Simon Conder Associates’ Eastcliff houses
Two houses on the windswept Cornish coast rely on traditional passive solutions
Architect Simon Conder Associates
Location Eastcliff, Porthtowan, Cornwall
Completion date April 2011
Nestled into a steep cliff with dramatic views of the Atlantic Ocean, two new houses designed by Simon Conder Associates are gradually taking shape.
The homes’ design has been influenced by their location on the more windswept north side of Cornwall, west of Truro in the village of Porthtowan, where their south-facing 1:7 steep hillside site is exposed to forceful gusts.
The client wanted sustainable houses that relied on traditional passive solutions, without the need for slick and costly high maintenance technologies. As a result the design is both simple in appearance and simple in its energy efficiency measures.
The planning application to replace two bungalows previously on the site with two modern houses achieving level 3 of the Code for Sustainable Homes sailed through without a hitch. The simple and holistic nature of the design impressed Cornwall Council, which is considering the scheme as an exemplar project, says Simon Conder.
The two houses have retained the names of their predecessors: Malindi, the larger of the two, will be the main family home, with two bedrooms and a sheltered inner courtyard on the upper floor and a large living/dining space on the lower ground floor; while Providence is 7m apart from its big brother and half its width. It provides a two-bedroom apartment on the lower ground floor and a studio space on the upper ground. The houses’ in-situ concrete foundations are now complete and the buildings are awaiting their concrete and blockwork superstructure and timber cladding.
How the South-facing colonnade restricts solar gain
Full-width iroko timber colonnades created on the south-facing elevations leave a striking feature on the new houses’ design and have several benefits.
Not only do the 1.2m-deep colonnades with floor to ceiling glazing make the most of the stunning ocean views, but in the summer months when the angle of the sun is very high, the timber canopy and brise soleil restrict solar gain. During the winter when the sun is at a lower level, solar gain is possible and can warm the rooms that have no heating.
Simon Conder has specified Schüco’s heavy, thermally broken, double-glazed folding doors, which slide open on castors. He says that in other house projects he has not been able to specify Schüco’s windows or external doors because of budget constraints. But because of the harsh weather conditions experienced in this part of Cornwall the client agreed it was worth spending £72,000 on the Schüco package (which includes the doors and all windows to both houses) with its invaluable warranties, U-value of 1.2W/m2K and silver anodised aluminium frame.
The system is intended to open up the houses to the sea elevations by folding back the full width of the glazed doors – Malindi’s colonnade is 11.2m wide; Providence’s 5.4m. The colonnades’ timber canopy gives some shelter from the sun and rain, while a 1.1m-tall toughened glass barrier prevents people or chairs from falling off the outer deck.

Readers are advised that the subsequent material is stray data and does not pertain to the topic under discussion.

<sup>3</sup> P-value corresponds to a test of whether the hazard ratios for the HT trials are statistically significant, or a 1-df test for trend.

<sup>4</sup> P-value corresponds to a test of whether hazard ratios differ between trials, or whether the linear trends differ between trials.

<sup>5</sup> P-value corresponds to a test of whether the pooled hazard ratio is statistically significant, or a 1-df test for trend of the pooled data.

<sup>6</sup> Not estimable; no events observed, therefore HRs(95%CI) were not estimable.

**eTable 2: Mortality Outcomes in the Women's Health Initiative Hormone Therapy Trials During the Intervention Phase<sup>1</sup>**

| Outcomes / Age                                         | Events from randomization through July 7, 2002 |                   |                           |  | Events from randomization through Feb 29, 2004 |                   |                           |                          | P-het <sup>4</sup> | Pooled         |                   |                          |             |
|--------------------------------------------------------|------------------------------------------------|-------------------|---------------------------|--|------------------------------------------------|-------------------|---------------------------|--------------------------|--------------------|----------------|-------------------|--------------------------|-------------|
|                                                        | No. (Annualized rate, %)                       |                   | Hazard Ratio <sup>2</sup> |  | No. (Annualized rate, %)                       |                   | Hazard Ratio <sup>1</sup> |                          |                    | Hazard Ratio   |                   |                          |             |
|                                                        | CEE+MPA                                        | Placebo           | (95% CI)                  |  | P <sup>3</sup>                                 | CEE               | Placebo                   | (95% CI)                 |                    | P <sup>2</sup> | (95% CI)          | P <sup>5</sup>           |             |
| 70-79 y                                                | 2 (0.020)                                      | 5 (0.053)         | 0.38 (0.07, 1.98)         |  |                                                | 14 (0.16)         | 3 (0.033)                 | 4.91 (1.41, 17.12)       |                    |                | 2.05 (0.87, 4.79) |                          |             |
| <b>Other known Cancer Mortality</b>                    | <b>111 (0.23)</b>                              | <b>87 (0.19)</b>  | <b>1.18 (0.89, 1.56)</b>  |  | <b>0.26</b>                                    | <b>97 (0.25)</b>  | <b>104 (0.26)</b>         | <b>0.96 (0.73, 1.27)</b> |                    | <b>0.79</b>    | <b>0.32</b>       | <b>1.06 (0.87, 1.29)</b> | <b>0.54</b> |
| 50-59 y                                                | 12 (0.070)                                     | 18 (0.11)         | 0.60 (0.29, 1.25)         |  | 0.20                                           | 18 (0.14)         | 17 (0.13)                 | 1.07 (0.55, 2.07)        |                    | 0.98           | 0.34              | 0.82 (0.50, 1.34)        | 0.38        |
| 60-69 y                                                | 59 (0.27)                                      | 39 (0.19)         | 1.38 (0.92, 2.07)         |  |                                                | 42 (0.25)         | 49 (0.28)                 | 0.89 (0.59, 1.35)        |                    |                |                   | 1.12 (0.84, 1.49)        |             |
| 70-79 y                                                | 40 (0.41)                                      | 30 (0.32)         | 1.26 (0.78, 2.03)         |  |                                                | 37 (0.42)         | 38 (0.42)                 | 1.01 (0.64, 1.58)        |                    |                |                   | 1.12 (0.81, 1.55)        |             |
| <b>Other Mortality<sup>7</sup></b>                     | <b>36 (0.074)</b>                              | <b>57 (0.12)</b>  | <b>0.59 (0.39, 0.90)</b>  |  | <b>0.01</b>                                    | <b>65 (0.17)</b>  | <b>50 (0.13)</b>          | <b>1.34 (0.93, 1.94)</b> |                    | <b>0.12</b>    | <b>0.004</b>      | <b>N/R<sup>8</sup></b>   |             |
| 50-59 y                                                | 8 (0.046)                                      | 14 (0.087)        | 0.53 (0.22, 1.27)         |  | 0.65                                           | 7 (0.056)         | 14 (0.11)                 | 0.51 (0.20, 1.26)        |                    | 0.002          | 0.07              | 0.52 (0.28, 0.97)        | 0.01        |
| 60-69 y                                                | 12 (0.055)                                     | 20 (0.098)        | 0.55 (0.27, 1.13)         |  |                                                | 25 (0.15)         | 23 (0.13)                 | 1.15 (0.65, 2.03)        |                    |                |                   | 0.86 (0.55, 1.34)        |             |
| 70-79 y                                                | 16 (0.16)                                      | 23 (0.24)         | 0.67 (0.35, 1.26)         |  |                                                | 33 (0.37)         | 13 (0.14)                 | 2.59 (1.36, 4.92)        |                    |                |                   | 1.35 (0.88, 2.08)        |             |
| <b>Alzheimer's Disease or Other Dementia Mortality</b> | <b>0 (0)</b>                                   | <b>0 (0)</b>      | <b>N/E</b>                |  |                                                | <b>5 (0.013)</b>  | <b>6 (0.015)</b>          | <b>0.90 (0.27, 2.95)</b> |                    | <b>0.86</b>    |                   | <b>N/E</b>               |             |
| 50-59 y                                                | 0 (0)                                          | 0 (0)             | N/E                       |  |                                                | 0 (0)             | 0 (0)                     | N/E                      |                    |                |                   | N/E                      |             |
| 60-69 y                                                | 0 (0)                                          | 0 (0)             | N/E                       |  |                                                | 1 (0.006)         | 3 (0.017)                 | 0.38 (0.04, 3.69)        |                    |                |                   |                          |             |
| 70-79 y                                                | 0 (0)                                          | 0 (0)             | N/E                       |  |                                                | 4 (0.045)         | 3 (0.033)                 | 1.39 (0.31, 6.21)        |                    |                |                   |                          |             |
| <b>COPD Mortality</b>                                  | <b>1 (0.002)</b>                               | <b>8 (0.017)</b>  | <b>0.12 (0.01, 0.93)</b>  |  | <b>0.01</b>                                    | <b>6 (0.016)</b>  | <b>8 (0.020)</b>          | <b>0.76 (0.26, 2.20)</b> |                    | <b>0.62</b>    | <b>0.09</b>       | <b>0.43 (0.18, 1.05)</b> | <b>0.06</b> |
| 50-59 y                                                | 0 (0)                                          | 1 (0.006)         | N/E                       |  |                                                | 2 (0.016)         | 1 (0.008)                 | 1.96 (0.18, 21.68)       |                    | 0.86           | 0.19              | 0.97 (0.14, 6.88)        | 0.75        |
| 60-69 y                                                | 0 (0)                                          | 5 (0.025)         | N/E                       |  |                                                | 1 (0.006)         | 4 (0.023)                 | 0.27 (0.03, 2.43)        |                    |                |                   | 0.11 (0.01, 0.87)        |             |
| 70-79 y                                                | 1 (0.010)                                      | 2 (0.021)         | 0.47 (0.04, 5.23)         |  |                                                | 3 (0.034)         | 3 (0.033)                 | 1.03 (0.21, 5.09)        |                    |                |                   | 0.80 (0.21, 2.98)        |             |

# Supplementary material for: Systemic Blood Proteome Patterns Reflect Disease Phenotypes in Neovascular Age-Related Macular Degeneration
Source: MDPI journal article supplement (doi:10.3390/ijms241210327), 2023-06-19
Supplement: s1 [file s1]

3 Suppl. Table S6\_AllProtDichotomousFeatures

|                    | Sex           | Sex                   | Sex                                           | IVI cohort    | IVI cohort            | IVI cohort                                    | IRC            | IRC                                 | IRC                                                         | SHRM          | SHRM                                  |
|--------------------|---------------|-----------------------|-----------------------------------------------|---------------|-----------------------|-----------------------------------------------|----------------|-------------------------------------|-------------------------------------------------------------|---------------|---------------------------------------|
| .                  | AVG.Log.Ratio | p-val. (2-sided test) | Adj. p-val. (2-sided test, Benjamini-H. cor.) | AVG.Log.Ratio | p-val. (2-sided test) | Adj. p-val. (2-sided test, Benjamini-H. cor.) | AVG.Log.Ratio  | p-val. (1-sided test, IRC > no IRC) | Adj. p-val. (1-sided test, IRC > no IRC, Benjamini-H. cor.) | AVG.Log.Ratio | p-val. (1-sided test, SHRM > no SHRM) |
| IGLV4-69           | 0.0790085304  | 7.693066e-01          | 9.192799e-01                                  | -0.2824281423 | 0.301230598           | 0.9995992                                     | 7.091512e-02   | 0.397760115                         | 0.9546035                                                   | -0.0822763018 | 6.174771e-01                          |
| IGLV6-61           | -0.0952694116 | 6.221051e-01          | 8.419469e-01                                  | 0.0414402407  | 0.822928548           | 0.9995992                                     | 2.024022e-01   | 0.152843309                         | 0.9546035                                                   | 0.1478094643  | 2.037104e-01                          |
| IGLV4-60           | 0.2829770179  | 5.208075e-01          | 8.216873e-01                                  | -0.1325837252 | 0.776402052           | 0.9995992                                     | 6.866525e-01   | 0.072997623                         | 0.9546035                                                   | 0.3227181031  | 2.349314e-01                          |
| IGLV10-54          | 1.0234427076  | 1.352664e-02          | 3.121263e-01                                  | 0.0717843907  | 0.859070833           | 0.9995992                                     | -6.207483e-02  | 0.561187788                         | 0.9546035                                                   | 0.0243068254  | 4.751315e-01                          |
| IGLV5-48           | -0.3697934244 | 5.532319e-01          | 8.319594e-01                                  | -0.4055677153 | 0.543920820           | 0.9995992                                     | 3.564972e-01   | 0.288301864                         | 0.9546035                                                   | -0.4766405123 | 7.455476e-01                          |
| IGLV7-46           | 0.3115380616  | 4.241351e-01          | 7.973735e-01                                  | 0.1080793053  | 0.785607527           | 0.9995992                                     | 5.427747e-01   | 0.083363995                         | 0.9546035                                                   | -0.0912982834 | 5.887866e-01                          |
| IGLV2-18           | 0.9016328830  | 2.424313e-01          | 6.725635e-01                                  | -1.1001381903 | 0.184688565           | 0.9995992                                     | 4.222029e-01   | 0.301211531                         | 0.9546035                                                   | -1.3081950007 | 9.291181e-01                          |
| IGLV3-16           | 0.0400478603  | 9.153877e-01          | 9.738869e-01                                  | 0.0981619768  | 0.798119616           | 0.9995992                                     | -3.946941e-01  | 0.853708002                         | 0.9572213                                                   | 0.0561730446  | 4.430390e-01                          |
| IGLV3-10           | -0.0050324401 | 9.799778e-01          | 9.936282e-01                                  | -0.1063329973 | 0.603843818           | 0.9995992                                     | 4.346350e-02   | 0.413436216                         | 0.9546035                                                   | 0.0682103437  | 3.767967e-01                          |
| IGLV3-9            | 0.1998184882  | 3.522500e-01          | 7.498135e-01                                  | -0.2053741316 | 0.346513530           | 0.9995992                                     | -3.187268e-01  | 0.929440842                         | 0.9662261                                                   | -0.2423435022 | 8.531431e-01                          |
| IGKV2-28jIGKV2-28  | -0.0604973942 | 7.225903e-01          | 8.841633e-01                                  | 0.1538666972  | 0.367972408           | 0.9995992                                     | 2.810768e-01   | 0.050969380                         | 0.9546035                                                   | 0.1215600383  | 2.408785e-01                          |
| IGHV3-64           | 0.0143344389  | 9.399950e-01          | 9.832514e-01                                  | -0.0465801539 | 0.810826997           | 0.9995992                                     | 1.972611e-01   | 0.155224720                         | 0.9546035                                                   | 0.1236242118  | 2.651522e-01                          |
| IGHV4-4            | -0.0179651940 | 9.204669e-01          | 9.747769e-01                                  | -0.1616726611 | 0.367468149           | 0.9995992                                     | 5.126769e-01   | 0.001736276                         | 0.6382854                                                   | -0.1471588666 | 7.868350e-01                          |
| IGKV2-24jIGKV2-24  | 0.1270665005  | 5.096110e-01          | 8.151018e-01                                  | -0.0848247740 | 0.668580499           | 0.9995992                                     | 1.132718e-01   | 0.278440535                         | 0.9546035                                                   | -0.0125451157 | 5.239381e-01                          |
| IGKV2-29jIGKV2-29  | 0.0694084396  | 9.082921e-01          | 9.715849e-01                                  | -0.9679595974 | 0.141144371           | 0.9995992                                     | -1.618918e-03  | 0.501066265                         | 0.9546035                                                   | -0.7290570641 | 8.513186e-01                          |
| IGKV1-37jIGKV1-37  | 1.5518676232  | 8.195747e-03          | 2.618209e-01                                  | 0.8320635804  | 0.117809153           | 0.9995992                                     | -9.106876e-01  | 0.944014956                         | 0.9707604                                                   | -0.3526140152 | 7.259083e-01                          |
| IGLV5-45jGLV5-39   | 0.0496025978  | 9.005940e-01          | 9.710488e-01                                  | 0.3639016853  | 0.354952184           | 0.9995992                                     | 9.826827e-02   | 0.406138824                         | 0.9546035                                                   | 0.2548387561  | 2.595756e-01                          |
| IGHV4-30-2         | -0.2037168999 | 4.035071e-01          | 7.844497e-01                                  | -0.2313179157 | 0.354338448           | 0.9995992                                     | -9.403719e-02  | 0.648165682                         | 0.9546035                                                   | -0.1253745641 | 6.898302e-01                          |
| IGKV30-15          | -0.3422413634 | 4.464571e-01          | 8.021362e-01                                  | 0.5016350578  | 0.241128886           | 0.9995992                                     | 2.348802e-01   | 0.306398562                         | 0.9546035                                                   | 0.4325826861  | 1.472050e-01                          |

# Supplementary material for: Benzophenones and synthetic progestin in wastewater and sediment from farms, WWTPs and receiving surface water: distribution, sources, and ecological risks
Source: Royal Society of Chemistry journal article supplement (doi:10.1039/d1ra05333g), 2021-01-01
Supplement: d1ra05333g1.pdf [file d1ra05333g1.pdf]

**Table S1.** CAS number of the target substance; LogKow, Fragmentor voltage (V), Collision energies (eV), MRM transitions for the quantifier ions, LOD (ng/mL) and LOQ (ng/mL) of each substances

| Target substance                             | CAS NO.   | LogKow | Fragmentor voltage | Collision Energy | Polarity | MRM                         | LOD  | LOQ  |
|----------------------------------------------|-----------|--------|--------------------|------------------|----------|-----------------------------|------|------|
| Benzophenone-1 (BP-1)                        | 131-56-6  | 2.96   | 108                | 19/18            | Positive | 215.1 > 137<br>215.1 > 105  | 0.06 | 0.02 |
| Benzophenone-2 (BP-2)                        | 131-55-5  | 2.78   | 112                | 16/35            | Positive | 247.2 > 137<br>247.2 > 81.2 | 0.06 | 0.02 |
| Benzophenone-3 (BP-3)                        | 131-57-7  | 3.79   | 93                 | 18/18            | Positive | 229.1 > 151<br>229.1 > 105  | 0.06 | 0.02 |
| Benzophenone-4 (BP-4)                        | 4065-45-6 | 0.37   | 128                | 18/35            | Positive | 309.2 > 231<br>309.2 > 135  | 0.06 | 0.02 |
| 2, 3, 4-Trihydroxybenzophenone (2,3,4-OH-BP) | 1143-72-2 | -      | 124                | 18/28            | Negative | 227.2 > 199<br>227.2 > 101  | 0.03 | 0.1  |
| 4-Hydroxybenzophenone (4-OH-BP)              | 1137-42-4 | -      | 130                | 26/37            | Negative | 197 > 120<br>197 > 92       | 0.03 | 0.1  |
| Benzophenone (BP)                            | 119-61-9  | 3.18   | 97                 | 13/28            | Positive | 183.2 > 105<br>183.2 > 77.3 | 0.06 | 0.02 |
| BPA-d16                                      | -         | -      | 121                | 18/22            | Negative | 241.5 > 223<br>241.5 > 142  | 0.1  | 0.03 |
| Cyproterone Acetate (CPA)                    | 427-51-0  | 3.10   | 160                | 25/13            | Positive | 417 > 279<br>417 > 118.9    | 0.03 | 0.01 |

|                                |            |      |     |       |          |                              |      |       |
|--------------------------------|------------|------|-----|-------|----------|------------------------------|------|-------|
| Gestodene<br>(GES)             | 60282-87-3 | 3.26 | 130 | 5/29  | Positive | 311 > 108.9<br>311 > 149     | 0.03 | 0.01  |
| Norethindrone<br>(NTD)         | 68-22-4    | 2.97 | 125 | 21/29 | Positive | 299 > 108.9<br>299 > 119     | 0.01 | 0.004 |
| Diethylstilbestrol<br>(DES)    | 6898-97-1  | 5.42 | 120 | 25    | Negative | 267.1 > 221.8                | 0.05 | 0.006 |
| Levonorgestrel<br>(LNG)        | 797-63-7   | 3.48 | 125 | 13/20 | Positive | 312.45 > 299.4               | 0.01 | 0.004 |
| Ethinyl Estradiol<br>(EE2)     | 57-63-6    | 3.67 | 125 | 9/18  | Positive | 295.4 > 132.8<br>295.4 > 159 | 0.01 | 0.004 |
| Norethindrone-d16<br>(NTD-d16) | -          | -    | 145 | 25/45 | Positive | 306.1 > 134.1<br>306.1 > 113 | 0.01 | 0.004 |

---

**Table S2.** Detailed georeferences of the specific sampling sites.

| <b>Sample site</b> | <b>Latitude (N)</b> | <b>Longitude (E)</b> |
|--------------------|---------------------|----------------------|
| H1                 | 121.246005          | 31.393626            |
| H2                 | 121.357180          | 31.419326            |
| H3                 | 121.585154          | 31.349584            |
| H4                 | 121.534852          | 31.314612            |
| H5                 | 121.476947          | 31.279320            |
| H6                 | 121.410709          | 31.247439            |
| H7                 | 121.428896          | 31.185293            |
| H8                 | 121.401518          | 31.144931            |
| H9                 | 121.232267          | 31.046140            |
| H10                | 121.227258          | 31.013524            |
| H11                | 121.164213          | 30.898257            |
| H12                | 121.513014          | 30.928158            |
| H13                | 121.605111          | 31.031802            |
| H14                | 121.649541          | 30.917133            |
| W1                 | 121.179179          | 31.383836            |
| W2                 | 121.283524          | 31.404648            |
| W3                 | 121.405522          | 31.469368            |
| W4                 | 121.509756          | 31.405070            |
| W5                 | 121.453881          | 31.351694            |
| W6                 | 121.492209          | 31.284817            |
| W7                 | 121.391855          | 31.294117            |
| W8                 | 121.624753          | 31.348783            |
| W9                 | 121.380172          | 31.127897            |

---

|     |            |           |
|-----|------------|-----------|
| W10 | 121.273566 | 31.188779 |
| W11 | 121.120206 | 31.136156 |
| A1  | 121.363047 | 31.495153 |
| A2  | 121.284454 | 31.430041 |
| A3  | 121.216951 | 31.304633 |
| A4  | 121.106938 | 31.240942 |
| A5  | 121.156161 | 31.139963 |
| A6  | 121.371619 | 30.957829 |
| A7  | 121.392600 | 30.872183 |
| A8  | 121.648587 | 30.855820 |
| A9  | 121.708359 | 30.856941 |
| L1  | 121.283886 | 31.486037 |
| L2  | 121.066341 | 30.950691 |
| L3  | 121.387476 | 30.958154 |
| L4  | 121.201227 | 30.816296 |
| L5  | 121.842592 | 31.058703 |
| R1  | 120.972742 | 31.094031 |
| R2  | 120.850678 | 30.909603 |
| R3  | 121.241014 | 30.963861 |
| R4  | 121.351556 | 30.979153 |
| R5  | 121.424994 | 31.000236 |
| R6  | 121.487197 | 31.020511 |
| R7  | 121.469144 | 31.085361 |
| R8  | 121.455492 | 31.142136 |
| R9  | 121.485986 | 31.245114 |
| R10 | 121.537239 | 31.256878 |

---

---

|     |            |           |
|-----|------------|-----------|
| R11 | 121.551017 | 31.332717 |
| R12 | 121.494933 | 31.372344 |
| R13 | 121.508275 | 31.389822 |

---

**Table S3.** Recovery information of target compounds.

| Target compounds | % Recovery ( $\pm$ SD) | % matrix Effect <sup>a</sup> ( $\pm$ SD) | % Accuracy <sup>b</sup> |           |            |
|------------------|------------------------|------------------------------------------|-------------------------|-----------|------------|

Iroko, an FSC-certified African hardwood, was specified to clad the houses’ colonnades, walls and roofs because of its workability and durability. Conder has used the same timber for six holiday homes being built in nearby St Agnes, and says he likes the way the untreated timber ages, gradually turning a silvery grey colour. He says iroko is ideal for the unforgiving marine environment because it is also very stable and achieves a crisp result.
Full-height 124mm-wide and 19mm-thick iroko vertical overlapping boards will be fixed vertically to horizontal battens which are in turn fixed to vertical battens and Eurofix thermally broken fixing brackets.
The external wall construction will achieve a U-value of 0.21W/m2K.
Other Sustainable Aspects
There are several reasons why Malindi and Providence have been built into the cliff. With their flat roofs, the new houses avoid obstructing the views of properties behind, and by excavating into the hillside and inserting two separate in-situ concrete retaining walls, two-storeys can be created, a key requirement of the client’s brief.
The design benefits from the natural insulating properties of the earth into which the buildings are sunk. Neither house has a boiler, the primary heat source being the slow release of the solar gain stored in the mass of the buildings.
During the coldest months, a wood-burning stove in Malindi can provide underfloor heating to the lower-ground living spaces. In Providence, underfloor heating is provided in the lower-ground living spaces and upper-ground studio via solar collectors on the roof, and radiators feed off the same source. Solar collectors also provide hot water to both buildings while cooking is electric. The only heating in the bedrooms is passive solar gain.
Original print headline - Project Eastcliff houses